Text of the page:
The internal troubles of the D.C. Fire and Emergency Medical Services Department have long been an open secret in Washington: enormous overtime spending has been a persistent issue, labor and management appear to be in a perpetual state of war and staffing plans have led to public spats.

But the department's plights came into sharp focus last week when an injured D.C. police officer had to wait 18 minutes for an ambulance from Prince George's County because the city didn't have one available, an episode that's now the subject of a wide-ranging probe.

And on Thursday, firefighters had to transport a man suffering from a stroke to a hospital in a fire engine because -- again -- an ambulance couldn't reach him quickly enough.

The department's critics say last week highlighted their long-held concerns about the agency's future as the city's population grows.

"We're treading water," said Edward Smith, who leads the firefighters union. "You can still savage the department, but you have to do things smart."

And Ward 6 Councilman Tommy Wells, who took over as the chairman of the D.C. Council's public safety committee in January, said he had "already uncovered a number of issues that give me grave concern."

"There does seem to have been a history of breakdowns before Ellerbe, and now some of those are back," Wells said. "It's been a troubled agency for quite a while."

But top city officials contend the department, while imperfect, is still a high-performing agency that citizens can trust.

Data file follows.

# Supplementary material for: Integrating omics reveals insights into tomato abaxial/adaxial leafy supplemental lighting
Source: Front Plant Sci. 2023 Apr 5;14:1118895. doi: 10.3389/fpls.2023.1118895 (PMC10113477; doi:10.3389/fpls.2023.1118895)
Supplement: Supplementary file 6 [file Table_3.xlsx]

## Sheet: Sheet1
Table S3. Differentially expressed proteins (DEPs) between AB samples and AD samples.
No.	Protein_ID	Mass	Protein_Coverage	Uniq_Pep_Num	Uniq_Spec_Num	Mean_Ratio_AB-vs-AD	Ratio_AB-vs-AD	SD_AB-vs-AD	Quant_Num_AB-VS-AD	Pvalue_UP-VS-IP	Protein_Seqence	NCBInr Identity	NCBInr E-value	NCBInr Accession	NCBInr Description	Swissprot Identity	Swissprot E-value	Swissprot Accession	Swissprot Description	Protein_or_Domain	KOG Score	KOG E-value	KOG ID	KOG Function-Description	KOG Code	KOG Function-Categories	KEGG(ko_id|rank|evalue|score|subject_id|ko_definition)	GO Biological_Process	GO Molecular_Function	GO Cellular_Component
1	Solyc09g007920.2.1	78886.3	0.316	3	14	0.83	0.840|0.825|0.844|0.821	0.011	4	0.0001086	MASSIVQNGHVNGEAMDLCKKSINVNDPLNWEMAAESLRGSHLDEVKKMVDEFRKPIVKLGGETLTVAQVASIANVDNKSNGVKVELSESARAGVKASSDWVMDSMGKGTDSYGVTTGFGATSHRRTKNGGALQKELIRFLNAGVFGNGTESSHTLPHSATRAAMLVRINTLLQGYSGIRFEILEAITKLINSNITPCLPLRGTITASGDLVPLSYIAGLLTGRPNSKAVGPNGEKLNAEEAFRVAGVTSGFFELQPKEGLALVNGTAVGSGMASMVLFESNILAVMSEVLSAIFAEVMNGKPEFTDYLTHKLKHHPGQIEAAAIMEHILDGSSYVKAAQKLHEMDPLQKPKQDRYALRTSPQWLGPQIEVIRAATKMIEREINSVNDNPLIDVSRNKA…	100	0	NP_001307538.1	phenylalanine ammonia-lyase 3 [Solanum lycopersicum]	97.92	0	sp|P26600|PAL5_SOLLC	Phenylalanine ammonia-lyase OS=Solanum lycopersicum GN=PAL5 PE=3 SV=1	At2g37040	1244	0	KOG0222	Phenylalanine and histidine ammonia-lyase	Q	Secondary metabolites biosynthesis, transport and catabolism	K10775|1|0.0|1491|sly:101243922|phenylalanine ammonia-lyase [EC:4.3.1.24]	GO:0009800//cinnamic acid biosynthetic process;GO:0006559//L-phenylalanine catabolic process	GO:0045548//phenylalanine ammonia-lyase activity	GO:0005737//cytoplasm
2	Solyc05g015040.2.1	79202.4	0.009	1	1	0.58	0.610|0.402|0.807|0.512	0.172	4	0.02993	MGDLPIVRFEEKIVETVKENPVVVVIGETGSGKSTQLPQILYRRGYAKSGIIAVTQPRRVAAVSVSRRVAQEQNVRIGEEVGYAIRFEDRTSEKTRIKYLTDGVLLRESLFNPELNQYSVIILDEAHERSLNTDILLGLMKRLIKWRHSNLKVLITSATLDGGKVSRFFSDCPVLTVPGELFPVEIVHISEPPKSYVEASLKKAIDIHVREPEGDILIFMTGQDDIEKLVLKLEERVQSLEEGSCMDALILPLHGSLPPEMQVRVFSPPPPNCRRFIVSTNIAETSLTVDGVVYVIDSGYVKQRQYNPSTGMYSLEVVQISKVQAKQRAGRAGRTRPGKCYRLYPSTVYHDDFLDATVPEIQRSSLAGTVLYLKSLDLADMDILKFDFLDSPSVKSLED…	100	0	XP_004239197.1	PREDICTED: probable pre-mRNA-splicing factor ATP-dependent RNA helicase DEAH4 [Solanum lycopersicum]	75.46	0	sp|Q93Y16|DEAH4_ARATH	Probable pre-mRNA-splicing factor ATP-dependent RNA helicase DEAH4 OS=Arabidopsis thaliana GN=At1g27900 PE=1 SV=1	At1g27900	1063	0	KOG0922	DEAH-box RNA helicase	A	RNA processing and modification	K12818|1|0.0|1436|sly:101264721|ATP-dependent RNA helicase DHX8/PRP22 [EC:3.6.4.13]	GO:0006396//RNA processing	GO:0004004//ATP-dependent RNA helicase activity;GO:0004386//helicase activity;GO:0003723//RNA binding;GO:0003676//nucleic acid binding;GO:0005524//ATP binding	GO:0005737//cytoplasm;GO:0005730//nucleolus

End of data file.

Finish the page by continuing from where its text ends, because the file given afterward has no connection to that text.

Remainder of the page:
"Our department responded as best it could," said D.C. Fire Chief Kenneth Ellerbe in the aftermath of the week's episodes. "The citizens should have confidence because people have been transported, we are responding to emergencies as best we can and we have a plan to respond and do better."

Ellerbe acknowledged the department is at a crossroads.

"We know that we are at a tipping point in terms of providing services," he said, adding that he had proposed changes that had been rebuffed by labor unions.

Mayor Vincent Gray, who was adamant that Ellerbe retains his confidence, also acknowledged there was room for improvement.

"We want every one of our departments to run with 100 percent effectiveness," Gray said. "If there are issues that are raised, of course you want to find out and then get to the bottom of them and make sure they're fixed."

Smith said the city must act urgently or the problems that surfaced last week will only worsen.

"Summertime is just going to be bad. We have a higher demand for EMS in the summer, and there's more violent crime in the summer," Smith said. "We need a short-term plan that will maximize resources we already have but will not rob the residents of coverage, but we also need a long-term plan."

D.C. officials said they are committed to working with the union. Last week, at the height of the criticism of the department, Ellerbe and Smith sat down to talk about possible solutions.